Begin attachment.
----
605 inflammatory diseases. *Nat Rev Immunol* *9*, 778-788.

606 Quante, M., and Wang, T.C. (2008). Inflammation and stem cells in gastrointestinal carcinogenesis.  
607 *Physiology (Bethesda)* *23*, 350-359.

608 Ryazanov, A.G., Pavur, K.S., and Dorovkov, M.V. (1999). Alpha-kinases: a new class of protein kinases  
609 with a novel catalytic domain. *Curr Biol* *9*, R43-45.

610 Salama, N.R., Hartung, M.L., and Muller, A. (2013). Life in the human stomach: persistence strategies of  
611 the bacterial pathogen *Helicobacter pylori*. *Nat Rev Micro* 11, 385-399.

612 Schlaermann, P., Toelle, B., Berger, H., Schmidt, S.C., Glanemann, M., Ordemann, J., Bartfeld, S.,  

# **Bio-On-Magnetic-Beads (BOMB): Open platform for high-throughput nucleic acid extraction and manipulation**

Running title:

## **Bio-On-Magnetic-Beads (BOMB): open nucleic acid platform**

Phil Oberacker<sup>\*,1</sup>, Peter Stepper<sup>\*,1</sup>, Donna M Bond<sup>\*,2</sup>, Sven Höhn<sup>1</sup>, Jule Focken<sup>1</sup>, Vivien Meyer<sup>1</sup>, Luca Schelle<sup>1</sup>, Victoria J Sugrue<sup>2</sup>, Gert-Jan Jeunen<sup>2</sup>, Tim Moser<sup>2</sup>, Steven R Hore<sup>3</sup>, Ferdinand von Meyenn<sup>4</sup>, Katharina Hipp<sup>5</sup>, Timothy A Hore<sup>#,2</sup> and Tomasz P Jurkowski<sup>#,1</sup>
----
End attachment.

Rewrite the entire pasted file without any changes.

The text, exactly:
605 inflammatory diseases. *Nat Rev Immunol* *9*, 778-788.

606 Quante, M., and Wang, T.C. (2008). Inflammation and stem cells in gastrointestinal carcinogenesis.  
607 *Physiology (Bethesda)* *23*, 350-359.

608 Ryazanov, A.G., Pavur, K.S., and Dorovkov, M.V. (1999). Alpha-kinases: a new class of protein kinases  
609 with a novel catalytic domain. *Curr Biol* *9*, R43-45.

610 Salama, N.R., Hartung, M.L., and Muller, A. (2013). Life in the human stomach: persistence strategies of  
611 the bacterial pathogen *Helicobacter pylori*. *Nat Rev Micro* 11, 385-399.

612 Schlaermann, P., Toelle, B., Berger, H., Schmidt, S.C., Glanemann, M., Ordemann, J., Bartfeld, S.,  

# **Bio-On-Magnetic-Beads (BOMB): Open platform for high-throughput nucleic acid extraction and manipulation**

Running title:

## **Bio-On-Magnetic-Beads (BOMB): open nucleic acid platform**

Phil Oberacker<sup>\*,1</sup>, Peter Stepper<sup>\*,1</sup>, Donna M Bond<sup>\*,2</sup>, Sven Höhn<sup>1</sup>, Jule Focken<sup>1</sup>, Vivien Meyer<sup>1</sup>, Luca Schelle<sup>1</sup>, Victoria J Sugrue<sup>2</sup>, Gert-Jan Jeunen<sup>2</sup>, Tim Moser<sup>2</sup>, Steven R Hore<sup>3</sup>, Ferdinand von Meyenn<sup>4</sup>, Katharina Hipp<sup>5</sup>, Timothy A Hore<sup>#,2</sup> and Tomasz P Jurkowski<sup>#,1</sup>